The original Mario Kart was initially conceived as a multiplayer prototype for SNES launch title F-Zero, and had nothing to do with Mario or karts.
In a new interview with Retro Gamer (via GamesRadar), original development team members Shigeru Miyamoto, Hideki Konno, and Tadashi Sugiyama revealed that the fast-paced single player racer F-Zero eventually morphed into 1992’s Super Mario Kart.
“Our original plan didn’t include Mario or karts,” they explained. “The game’s roots lie in one of the launch titles for the SNES: F-Zero. The game was designed for single-player gameplay because of our focus on getting across the sense of speed and the size of the courses.
“It was a prototype for a multiplayer version of F-Zero that ended up being the starting point for Super Mario Kart, and from there we went through a period of trial and error to find what worked.”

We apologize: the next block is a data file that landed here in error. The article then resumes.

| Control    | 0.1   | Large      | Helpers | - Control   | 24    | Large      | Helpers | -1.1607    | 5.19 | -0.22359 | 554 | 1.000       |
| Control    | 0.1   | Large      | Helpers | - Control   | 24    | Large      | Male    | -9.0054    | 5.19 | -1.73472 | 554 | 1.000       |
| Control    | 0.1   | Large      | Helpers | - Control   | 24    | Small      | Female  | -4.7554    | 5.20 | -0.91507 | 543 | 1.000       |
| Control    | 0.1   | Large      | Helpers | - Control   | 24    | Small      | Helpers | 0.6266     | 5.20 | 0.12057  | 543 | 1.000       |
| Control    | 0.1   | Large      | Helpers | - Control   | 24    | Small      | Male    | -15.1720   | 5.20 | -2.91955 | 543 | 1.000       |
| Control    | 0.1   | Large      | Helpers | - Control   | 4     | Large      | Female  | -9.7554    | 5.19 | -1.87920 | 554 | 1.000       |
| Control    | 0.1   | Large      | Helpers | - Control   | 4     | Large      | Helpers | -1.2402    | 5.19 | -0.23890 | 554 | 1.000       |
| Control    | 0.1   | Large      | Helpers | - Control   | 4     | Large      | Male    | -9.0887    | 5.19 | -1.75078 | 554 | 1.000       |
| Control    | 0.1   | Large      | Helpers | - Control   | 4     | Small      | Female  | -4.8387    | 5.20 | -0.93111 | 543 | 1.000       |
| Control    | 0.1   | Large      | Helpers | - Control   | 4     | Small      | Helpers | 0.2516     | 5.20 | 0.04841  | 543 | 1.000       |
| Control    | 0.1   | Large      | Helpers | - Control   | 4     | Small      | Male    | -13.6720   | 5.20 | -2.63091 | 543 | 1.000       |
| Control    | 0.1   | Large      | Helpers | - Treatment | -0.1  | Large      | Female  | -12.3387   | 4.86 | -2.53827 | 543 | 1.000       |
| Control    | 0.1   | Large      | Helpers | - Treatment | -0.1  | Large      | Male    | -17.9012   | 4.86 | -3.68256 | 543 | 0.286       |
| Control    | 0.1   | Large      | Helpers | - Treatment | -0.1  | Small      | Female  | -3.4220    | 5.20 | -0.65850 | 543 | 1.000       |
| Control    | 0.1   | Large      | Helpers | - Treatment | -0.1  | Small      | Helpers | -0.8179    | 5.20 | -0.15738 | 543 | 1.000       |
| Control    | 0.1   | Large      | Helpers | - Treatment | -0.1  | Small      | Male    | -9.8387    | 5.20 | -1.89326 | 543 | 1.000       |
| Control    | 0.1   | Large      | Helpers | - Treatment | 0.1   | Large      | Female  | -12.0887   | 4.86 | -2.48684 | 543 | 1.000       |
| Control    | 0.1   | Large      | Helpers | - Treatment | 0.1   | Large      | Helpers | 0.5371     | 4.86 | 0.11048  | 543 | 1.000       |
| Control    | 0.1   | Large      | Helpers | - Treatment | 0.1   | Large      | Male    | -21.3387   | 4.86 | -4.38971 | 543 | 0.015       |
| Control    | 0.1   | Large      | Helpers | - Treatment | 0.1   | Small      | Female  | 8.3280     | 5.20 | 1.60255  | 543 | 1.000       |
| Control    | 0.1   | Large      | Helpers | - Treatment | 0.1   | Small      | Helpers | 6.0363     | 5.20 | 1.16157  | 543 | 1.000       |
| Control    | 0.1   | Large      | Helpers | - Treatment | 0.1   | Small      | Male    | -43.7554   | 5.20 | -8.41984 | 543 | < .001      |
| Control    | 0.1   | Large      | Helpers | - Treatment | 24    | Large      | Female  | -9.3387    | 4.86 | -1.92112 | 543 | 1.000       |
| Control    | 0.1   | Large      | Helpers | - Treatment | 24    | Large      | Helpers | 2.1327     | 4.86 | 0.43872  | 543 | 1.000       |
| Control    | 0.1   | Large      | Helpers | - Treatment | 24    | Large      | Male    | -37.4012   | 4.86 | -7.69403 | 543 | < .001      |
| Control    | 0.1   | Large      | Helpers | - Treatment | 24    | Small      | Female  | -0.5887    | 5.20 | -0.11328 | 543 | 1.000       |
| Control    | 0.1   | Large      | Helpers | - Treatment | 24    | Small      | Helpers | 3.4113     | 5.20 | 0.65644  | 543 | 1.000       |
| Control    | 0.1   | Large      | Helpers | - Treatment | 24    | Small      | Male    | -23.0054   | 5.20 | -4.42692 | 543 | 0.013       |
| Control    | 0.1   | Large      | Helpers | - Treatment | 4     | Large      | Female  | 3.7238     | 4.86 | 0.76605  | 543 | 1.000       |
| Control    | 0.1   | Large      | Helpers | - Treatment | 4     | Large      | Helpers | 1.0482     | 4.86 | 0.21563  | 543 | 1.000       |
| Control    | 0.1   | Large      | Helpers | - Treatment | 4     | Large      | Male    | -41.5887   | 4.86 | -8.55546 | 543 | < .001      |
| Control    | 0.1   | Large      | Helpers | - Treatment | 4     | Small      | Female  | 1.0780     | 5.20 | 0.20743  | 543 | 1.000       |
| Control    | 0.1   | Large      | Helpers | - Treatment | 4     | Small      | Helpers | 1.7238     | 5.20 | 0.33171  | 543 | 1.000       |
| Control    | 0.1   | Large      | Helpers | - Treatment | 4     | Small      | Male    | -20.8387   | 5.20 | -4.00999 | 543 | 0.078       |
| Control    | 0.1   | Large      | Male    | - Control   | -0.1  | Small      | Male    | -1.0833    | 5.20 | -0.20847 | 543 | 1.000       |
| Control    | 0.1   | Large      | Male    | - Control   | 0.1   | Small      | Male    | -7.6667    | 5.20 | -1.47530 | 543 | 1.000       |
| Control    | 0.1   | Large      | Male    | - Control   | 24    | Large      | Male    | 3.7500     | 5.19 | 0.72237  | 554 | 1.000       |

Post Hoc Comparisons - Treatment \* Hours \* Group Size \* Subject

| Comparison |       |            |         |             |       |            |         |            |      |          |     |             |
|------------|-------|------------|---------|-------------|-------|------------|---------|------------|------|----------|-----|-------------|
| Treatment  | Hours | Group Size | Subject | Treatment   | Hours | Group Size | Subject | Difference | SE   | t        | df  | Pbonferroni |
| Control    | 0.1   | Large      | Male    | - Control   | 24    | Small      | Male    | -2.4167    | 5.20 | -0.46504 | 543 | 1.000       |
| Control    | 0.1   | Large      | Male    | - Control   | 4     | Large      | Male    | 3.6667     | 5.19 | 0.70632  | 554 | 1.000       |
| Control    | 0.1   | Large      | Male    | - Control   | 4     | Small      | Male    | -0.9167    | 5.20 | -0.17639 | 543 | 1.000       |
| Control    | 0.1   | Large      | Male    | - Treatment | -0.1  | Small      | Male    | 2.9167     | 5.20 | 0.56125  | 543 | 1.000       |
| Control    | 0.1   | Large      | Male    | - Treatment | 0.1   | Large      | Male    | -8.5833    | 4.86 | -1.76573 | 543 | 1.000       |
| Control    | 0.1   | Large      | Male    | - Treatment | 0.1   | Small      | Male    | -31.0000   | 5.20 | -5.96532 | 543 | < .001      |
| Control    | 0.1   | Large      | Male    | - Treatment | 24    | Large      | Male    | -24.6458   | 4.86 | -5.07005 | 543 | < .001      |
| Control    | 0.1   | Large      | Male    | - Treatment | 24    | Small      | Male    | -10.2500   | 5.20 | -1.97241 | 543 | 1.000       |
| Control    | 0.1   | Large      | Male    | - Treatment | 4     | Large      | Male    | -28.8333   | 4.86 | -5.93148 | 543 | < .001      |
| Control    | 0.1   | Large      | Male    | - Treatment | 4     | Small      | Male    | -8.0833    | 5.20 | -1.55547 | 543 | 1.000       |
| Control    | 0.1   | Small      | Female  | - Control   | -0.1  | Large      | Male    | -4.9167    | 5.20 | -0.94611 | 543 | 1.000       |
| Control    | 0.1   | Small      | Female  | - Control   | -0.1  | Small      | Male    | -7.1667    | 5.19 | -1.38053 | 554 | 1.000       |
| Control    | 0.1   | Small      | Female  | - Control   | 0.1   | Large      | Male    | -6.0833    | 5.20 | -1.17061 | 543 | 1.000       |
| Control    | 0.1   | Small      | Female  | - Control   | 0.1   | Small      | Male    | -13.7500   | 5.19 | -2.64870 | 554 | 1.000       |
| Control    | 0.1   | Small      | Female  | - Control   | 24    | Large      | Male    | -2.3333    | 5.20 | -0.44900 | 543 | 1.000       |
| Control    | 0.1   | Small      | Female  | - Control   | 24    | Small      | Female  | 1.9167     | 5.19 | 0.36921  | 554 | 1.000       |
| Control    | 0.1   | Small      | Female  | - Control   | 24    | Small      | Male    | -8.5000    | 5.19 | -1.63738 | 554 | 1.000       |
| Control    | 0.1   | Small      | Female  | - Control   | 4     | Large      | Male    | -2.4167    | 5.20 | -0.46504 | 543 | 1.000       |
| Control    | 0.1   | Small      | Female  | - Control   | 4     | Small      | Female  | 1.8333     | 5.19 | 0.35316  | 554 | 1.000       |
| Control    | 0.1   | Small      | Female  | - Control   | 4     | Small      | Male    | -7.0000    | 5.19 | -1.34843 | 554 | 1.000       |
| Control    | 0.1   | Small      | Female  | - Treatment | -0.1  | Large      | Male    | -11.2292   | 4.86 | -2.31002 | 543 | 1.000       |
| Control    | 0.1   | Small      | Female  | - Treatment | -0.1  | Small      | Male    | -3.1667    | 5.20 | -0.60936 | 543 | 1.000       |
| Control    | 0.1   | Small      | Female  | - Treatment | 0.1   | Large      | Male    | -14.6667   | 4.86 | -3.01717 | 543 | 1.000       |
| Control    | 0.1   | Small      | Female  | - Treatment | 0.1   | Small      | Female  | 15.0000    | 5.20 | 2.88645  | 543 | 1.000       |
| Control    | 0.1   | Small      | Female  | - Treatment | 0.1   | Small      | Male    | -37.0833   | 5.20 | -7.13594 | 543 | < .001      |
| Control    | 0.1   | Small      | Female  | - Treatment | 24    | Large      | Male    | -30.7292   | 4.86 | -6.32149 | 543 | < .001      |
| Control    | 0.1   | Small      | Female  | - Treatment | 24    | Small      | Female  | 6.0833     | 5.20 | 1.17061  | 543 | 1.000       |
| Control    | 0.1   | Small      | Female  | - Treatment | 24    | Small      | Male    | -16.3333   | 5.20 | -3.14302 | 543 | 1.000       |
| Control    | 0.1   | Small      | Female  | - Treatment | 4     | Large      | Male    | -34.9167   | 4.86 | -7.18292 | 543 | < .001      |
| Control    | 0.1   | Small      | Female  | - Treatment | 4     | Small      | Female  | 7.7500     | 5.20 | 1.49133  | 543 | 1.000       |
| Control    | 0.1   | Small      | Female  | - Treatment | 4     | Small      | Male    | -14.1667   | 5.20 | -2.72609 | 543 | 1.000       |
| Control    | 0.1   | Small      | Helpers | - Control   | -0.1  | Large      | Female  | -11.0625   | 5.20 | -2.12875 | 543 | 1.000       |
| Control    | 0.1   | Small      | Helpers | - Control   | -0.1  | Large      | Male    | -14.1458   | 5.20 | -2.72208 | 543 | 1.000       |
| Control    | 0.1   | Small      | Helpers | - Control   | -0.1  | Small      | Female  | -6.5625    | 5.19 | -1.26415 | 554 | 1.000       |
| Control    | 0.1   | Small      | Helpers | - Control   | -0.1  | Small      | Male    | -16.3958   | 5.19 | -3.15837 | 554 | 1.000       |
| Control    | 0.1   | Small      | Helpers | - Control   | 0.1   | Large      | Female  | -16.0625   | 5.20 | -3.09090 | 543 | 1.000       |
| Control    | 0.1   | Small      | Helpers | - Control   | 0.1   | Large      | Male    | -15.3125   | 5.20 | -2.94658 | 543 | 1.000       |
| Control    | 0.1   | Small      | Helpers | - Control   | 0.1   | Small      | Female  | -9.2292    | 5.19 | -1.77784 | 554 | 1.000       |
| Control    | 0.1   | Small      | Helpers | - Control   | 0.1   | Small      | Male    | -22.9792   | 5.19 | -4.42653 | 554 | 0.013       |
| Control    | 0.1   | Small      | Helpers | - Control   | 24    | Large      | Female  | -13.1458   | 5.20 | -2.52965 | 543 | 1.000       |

Hideki Konno admits that even though the change of scale between the two titles that happened during development “seemed a huge challenge,” the addictive and fun essence of Mario Kart came to reveal itself.
“I really played the game a lot during the adjustment and debug phases of the development,” he said. “Because of the strong competitive gameplay, once I started test playing I would get excited and start shouting out while I played. We aimed to create a game that’s fun to play with family, friends, with everyone.”
Multiple installments and console generations later, Mario Kart remains one of Nintendo’s most popular franchises, with the highly-anticipated Switch port Mario Kart 8 Deluxe set to launch later this week.
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